I am so so sorry you are approaching a whole year since you've been with your baby girl. In regard to what happens in the first few years, I looked through the survey that I have here on my blog (and I so appreciate your taking a part in it!) ~ the general pattern seems to be as follows:

The first year, the grief itself is of course incredibly raw, yet there seems to be a numbing that soothes and gets you through the unbearable, as well as a good bit of spiritual comfort to get you through the horrific nature of it all.

Year two seems harder (in a different way than the rawness of the first year) as the numbness begins to wear off, and the reality that one's child is not coming back begins sinking in so that the finality of their death is progressively dawning on you.

And then, year three seems to plummet even further down than any year, sort of a bottoming-out, ongoing pain (and volatility of emotions, thoughts, spiritual struggling) compared to all other years, almost as if as even more numbing is wearing off, the stress hormones begin aggravating the grieving process with some crazy-making kinds of dilemmas in mind, body, and spirit.

But as year three comes to an end, it seems you can go back "uphill" to feeling some better as you go into year four. Kay Talbott in her book, What Forever Means in the Death of a Child actually did a scientific survey that concluded with similar findings.

From what she found, your sense of well-being doesn't begin to return to close to the pre-death normality until around year five. But as we all know, when it comes to child-loss grief, our grief will continue on through our lifetime until we are able to see and hold our children again in Heaven!

I am at 3 1/2 years, and I still feel fairly debilitated in terms of functioning. But my grief steadily "flows," in that as I make time for it on a regular basis, the tears are there, I write my poetry to process the pain, and there is comfort that comes. It's still painful but fairly manageable. I do make sure, to-the-best-of-my-ability, that I protect myself from "toxic" people and toxic situations. And I give myself plenty of room to handle the ups and the downs, ensuring flexibility in each day so that as the grief surfaces, I can go with it and help to express it in some way.

I'm afraid your comment, "There is much in my life that needs to be done, and many things that I could do, but then again... have some good days, but still sense an overwhelming feeling of "I just can't get it done", or 'nothing turns out right'" still pretty much rings true for me even to this day! Grief is quite a bear to tackle, but then again it wouldn't be so strong and so tough if our love for our babies didn't go so incredibly deep~and that love I am so very thankful for!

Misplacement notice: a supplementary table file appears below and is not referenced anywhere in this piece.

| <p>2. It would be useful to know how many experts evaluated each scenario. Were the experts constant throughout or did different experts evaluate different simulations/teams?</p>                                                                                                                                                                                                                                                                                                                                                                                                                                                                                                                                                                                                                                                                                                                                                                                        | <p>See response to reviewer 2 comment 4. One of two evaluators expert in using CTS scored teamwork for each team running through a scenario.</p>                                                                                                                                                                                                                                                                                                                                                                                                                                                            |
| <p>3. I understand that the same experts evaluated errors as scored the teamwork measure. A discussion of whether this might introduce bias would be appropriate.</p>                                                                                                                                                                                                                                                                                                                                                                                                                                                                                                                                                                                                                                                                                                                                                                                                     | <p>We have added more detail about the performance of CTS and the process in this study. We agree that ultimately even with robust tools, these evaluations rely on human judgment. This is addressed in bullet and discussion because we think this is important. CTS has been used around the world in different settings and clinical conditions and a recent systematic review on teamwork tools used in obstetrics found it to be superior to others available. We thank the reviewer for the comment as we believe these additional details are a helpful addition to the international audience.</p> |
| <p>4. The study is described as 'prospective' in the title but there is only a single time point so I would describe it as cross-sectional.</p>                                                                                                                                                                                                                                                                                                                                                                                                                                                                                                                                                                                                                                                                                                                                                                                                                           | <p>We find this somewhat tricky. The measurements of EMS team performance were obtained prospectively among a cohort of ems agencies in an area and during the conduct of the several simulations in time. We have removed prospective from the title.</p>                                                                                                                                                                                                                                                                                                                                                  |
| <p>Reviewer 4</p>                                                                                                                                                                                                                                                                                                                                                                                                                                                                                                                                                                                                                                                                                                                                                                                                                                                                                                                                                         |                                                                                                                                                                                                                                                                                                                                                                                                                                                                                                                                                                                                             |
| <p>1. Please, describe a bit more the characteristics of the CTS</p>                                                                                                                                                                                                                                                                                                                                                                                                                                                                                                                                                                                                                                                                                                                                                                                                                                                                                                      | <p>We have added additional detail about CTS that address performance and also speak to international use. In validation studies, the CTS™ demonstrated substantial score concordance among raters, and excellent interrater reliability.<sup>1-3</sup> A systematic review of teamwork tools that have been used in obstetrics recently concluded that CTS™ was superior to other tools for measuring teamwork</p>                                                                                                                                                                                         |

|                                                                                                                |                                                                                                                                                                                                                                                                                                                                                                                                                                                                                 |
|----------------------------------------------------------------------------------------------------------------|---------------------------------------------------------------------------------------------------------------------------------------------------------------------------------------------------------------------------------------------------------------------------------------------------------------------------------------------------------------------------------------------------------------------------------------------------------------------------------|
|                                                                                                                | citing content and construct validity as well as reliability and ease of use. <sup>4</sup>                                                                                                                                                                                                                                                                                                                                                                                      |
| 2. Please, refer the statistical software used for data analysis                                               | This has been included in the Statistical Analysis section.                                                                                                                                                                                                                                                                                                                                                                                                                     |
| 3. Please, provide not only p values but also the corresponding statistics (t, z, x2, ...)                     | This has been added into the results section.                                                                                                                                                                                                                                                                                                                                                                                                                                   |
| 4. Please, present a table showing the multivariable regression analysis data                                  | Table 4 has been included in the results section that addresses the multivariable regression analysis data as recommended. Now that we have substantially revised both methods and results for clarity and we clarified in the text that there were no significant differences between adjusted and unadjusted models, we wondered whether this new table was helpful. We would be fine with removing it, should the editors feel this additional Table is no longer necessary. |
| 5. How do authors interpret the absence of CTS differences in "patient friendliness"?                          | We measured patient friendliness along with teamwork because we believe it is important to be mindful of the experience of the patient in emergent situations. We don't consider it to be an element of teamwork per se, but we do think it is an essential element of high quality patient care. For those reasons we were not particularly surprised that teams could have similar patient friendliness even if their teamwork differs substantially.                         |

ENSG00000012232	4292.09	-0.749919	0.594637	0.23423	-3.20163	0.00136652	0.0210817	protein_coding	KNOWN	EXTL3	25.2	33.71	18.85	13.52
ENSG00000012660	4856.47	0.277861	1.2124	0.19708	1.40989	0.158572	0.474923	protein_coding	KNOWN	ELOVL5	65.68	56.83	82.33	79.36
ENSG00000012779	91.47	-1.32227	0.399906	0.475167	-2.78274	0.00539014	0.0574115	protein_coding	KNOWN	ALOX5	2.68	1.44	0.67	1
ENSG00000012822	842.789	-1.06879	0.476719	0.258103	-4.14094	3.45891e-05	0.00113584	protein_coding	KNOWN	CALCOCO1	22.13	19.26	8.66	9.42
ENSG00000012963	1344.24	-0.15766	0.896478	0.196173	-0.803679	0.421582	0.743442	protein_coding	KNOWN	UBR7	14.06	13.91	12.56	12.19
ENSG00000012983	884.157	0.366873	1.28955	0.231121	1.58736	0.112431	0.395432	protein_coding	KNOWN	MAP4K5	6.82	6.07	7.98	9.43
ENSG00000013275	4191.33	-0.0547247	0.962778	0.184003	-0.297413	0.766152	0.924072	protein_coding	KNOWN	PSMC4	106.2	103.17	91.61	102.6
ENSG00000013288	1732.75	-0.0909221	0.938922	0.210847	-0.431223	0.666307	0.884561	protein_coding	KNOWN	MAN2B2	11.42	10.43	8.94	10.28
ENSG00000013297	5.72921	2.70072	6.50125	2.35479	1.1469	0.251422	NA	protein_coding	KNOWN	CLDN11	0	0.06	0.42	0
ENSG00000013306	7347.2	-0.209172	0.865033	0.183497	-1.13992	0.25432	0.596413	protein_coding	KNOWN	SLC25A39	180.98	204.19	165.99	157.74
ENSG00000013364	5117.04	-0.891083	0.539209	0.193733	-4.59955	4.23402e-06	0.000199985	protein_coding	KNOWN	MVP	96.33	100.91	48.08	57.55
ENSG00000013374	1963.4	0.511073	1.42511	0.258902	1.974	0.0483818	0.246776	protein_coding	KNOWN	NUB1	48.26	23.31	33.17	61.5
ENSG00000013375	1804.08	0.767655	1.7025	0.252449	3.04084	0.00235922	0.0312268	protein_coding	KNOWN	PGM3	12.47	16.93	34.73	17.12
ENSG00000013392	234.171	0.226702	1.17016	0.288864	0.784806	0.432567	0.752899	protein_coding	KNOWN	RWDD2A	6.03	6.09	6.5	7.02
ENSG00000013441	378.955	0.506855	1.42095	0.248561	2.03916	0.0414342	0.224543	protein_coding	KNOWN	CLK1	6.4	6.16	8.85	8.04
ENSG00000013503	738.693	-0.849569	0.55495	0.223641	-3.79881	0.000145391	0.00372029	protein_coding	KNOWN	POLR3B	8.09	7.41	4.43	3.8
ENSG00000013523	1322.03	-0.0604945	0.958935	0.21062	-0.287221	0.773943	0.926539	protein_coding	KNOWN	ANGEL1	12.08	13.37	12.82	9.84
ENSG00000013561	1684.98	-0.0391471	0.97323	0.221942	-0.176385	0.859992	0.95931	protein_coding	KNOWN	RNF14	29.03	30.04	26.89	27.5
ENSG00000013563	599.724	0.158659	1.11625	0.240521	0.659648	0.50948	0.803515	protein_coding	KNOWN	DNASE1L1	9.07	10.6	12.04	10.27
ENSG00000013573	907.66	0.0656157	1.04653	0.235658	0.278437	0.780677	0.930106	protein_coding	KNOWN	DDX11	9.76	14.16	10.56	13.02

I hope this helps some. Thank you so much for reading our blog and for your encouraging comment. Our prayers will be with you especially over these next few days.

Much love, and may our God continue to hold you so close to His heart,

Angie and Tommy
Isaiah 40:11

bigD said...

Dear Angie and Tommy,
I came to your blog quite unexpectedly via the blog of a follower. It has been only seven months since I lost my twenty-six year old son, Nickolas, to leukemia. He suffered from lung damage as a result of a bone marrow transplant. It was a horrible fifteen month battle. I struggle every day. When I read you husband's post about the "new normal" I just wanted to cry out..."Yes, I HATE THE NEW NORMAL!" I have railed against that term ever since I first heard it in relation to how my son's life was going to be after his bone marrow transplant and how he would have to learn to live with all the side effects, medications, etc that come with having someone else's bone marrow in your body and having a cancer diagnosis hanging over your head. I cannot begin to tell you how many people were praying for my son and how utterly devastated I have been in trying to understand how to find my way since Nick's death. I was a Pediatric intensive care nurse for twenty-eight years, I already knew that God doesn't always "answer prayers" no matter how fervently or sincerely they are offered. I have many concerns with my own spirituality and faith, and now I am shaken to my core. I have been trying to find help, solace, comfort, release from this pain since my son was diagnosed in May of 2008 and now since his death in August of 2009. It is only with other parents who have lost children that some clarity emerges and then I see that this suffering will be with me forever. When I just read your comment on how it takes a good five years to really find your way back to some kind of life, I wonder to myself, can I survive that long? I see that I am only at the beginning of this journey, I am like a newborn to this horrible pain of loss and grief. I cannot imagine feeling worse, being more scattered and forgetful, feeling lost and without direction in my life. I keep wishing for some magical insight, so I can understand how I will feel when I am finally on my way to that freaking "new normal." Maybe then I could know that I can do this. I am so glad I found your blog. I have been writing a blog since my son began this journey. Now it is a grief blog. I am so sorry for the loss of your beautiful daughter. Thank you for helping others to find their way through this dark and cold place. I pray I am able to keep searching. I miss my wonderful son more than I can begin to say. Thank you again. diane